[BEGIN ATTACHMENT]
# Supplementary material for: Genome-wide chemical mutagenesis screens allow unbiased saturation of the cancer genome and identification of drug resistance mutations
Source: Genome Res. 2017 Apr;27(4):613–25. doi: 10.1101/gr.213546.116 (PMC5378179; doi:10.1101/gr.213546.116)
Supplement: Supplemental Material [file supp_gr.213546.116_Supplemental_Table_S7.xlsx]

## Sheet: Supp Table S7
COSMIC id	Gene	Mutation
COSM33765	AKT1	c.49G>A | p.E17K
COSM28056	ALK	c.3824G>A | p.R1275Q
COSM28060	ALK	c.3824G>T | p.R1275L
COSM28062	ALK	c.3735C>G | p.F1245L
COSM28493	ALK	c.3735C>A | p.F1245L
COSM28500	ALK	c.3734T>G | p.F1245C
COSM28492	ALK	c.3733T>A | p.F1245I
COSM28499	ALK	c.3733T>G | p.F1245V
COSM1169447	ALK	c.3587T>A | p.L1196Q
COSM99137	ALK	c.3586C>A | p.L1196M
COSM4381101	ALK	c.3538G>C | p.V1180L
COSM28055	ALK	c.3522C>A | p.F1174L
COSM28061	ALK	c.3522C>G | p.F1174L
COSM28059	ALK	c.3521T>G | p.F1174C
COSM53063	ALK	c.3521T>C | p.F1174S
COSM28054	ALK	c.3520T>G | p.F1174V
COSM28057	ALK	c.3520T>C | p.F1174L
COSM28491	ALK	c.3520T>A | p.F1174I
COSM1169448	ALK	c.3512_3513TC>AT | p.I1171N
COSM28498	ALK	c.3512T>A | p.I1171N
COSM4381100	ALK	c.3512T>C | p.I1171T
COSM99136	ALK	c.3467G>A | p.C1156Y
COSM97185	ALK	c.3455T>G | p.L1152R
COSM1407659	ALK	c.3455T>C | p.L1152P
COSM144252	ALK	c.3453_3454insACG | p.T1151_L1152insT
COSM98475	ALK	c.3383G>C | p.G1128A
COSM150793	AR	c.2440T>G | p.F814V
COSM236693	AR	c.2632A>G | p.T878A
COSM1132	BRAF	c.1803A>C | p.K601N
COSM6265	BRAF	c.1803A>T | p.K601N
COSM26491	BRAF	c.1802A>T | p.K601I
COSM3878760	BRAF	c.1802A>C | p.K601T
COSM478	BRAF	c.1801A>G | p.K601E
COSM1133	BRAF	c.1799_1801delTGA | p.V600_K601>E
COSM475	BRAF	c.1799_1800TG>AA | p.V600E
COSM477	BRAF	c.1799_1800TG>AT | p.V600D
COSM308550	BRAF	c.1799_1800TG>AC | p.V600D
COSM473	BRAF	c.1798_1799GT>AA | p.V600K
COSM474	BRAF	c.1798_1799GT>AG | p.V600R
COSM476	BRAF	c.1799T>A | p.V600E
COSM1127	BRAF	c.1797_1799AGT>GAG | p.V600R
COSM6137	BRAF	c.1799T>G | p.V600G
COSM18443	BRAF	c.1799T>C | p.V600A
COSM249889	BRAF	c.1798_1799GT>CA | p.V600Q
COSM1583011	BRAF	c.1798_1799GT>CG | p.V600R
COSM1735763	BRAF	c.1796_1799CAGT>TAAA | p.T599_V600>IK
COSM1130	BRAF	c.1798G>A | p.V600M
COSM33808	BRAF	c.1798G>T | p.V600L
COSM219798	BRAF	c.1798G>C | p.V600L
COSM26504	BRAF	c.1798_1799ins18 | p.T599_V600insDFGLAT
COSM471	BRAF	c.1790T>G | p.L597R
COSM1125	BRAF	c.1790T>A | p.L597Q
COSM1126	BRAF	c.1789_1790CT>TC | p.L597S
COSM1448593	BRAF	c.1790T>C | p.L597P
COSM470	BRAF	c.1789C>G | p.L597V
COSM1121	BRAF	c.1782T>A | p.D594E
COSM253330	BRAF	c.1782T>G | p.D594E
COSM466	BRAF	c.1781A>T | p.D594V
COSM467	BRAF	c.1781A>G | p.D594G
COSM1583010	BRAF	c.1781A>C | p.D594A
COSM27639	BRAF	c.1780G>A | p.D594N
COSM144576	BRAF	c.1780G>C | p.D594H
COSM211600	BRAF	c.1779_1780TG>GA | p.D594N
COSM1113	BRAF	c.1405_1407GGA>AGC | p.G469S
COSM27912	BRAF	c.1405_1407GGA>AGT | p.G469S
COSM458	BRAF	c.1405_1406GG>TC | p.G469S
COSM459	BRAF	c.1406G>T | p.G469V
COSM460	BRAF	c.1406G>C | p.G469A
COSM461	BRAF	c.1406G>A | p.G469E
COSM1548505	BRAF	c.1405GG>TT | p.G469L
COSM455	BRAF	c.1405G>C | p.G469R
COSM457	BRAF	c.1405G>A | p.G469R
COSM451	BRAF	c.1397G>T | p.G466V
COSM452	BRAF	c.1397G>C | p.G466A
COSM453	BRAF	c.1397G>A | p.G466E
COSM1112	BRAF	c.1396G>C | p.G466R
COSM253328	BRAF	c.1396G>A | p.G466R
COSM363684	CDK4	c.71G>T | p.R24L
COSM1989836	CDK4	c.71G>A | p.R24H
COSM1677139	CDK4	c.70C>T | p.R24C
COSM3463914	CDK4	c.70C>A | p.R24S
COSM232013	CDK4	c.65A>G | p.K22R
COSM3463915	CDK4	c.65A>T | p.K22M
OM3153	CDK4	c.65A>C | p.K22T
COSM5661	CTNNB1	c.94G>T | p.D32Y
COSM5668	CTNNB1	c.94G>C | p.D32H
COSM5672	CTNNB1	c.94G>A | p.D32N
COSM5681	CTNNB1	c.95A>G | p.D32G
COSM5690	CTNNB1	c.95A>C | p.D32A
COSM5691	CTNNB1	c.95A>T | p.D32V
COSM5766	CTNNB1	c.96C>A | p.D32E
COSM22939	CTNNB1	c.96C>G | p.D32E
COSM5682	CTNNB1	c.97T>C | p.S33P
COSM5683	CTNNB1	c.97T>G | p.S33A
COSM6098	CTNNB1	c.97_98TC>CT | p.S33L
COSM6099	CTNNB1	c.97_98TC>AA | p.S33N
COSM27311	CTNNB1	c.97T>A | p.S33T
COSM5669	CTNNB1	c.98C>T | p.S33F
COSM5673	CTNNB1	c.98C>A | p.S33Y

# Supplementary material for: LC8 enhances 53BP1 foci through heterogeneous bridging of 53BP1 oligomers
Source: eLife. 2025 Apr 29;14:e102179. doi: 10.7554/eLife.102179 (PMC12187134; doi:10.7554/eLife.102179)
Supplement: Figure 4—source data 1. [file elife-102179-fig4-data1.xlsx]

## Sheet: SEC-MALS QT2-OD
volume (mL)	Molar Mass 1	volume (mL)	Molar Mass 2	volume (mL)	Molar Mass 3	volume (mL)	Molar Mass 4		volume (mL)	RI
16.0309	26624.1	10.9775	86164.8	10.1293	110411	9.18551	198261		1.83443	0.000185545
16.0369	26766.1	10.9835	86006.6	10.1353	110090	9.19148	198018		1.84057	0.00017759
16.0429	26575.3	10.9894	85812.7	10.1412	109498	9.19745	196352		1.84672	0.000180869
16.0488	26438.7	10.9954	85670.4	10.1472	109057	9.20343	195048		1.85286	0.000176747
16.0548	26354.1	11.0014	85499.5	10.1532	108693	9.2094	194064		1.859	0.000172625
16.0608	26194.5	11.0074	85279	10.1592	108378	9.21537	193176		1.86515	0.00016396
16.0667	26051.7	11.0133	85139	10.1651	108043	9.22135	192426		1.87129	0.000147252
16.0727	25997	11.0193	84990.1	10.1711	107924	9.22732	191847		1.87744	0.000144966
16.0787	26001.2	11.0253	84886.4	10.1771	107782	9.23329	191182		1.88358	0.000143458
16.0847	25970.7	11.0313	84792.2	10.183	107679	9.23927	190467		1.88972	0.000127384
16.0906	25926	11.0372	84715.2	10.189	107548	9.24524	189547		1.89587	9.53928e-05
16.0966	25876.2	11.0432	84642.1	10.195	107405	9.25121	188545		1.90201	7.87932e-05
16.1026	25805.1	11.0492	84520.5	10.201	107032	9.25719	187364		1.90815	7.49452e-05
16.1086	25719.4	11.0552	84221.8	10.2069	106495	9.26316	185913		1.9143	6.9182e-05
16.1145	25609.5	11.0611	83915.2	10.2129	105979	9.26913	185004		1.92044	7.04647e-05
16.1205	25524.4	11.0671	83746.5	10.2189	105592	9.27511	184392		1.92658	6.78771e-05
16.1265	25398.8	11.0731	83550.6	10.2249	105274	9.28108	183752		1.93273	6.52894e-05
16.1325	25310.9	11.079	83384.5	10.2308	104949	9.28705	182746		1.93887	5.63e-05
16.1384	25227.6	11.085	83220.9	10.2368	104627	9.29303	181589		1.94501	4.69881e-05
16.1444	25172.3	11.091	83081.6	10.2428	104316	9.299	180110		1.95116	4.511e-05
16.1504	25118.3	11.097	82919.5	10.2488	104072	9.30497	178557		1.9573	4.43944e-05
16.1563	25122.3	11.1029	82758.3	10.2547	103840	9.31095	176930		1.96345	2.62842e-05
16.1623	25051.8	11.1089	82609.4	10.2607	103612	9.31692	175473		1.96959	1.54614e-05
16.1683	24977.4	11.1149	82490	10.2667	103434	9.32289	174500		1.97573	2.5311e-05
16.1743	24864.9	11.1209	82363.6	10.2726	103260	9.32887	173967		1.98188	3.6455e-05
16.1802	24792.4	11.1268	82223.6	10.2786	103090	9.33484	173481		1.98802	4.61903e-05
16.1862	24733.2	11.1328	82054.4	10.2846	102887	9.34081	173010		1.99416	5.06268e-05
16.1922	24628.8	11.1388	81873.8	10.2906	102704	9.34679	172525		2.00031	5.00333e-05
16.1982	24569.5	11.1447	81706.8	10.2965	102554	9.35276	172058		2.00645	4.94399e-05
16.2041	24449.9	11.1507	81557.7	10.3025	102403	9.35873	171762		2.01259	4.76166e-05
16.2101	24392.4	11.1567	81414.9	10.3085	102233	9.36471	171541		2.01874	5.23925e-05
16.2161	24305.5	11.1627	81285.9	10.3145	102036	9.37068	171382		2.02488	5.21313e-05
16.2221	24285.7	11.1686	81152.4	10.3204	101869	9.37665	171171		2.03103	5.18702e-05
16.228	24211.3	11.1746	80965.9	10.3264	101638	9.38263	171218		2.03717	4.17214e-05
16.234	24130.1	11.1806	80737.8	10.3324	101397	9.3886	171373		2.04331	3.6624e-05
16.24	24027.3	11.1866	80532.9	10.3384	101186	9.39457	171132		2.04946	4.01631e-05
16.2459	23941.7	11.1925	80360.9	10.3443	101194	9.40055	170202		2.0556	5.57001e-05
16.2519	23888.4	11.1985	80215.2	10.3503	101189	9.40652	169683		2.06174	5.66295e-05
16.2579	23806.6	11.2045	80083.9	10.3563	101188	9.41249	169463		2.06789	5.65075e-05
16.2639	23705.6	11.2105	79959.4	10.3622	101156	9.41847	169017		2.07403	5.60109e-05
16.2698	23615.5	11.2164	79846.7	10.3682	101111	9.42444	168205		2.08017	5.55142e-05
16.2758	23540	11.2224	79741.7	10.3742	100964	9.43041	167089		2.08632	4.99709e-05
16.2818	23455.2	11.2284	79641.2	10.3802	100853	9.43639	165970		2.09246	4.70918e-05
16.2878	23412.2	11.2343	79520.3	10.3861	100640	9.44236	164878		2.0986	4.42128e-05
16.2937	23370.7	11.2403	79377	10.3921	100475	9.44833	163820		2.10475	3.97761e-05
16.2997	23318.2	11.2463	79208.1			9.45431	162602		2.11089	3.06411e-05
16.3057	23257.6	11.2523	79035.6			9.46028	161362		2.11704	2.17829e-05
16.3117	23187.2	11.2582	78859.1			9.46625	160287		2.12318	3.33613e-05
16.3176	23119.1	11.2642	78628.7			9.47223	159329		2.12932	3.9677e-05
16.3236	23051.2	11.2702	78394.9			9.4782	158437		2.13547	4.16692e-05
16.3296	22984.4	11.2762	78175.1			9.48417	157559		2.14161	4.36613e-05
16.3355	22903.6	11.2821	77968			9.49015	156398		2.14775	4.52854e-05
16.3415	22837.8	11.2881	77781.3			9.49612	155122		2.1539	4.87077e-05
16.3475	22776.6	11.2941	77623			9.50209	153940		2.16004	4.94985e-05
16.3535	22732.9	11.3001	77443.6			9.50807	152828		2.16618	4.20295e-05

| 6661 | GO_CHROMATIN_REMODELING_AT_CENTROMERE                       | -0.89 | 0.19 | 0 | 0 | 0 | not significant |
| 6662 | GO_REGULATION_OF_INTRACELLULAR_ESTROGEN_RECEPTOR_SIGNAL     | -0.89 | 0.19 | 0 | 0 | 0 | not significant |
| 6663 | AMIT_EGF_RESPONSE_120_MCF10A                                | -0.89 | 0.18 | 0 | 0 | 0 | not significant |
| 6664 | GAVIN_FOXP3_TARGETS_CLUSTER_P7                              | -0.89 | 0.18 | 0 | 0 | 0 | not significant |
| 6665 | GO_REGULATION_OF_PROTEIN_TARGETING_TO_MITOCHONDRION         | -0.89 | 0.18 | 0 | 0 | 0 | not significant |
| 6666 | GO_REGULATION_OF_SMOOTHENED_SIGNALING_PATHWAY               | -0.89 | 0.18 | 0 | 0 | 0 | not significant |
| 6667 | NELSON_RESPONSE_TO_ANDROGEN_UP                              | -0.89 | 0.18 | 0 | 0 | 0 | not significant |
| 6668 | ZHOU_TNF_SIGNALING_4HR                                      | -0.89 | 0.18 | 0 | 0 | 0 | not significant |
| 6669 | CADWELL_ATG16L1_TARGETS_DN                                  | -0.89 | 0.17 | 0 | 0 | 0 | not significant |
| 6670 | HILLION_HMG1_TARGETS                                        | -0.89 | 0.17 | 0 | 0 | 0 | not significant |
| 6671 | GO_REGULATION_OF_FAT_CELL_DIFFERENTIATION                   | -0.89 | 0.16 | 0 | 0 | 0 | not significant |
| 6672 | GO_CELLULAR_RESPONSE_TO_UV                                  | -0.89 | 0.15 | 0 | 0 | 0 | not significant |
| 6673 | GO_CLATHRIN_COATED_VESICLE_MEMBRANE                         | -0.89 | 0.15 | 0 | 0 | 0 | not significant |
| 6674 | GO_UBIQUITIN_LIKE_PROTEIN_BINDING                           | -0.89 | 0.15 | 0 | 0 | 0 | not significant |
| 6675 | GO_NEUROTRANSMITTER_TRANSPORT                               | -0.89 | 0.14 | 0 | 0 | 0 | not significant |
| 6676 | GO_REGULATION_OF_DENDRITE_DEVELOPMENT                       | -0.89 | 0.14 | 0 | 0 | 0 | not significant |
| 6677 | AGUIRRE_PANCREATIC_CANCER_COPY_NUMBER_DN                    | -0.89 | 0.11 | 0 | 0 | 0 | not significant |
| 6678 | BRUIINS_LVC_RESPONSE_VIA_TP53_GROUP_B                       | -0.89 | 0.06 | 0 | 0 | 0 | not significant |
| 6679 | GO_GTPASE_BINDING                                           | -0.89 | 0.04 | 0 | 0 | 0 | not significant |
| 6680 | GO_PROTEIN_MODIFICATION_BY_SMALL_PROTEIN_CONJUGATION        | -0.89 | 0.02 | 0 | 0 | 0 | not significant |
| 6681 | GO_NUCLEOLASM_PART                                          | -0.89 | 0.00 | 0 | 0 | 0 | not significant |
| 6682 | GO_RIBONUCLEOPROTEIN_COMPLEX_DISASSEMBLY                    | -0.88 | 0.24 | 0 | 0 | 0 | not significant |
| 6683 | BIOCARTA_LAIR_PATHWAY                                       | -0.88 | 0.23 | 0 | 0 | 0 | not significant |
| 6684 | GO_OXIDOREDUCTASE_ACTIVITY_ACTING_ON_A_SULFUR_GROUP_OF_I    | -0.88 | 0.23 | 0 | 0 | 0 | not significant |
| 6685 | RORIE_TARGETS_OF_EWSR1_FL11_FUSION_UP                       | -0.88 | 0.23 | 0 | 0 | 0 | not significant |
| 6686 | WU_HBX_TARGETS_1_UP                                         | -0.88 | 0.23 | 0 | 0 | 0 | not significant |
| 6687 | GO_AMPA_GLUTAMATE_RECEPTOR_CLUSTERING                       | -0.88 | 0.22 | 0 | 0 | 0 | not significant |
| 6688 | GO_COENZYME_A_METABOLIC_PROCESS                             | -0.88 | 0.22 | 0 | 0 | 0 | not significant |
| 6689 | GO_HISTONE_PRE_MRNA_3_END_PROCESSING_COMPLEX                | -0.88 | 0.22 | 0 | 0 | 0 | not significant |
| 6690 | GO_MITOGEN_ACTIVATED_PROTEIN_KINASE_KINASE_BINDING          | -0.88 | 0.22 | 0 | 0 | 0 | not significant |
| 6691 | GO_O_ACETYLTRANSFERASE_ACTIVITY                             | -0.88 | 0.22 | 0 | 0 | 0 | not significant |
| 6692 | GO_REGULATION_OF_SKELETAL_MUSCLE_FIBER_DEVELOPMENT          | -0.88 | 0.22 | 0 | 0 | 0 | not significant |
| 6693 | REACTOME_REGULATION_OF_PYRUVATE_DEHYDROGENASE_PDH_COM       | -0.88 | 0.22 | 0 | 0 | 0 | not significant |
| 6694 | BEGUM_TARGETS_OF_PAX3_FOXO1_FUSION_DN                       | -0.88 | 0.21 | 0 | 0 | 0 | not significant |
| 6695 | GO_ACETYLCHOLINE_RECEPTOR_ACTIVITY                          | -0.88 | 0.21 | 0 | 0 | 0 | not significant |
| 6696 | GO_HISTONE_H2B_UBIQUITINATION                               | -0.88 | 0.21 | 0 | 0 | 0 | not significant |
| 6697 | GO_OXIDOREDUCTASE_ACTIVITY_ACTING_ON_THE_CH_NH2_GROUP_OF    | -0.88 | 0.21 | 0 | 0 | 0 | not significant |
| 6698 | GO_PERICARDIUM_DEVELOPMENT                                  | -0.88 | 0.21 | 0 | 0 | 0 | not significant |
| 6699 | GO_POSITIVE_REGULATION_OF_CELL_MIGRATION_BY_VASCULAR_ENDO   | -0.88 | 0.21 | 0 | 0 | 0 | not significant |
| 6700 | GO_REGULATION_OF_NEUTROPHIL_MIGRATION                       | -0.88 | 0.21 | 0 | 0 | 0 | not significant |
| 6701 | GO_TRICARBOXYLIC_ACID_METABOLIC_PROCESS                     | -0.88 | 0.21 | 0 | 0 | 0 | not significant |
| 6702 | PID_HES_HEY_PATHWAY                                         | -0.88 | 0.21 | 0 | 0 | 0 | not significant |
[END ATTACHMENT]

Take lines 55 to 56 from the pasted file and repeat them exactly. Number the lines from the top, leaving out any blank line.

COSM26504	BRAF	c.1798_1799ins18 | p.T599_V600insDFGLAT
COSM471	BRAF	c.1790T>G | p.L597R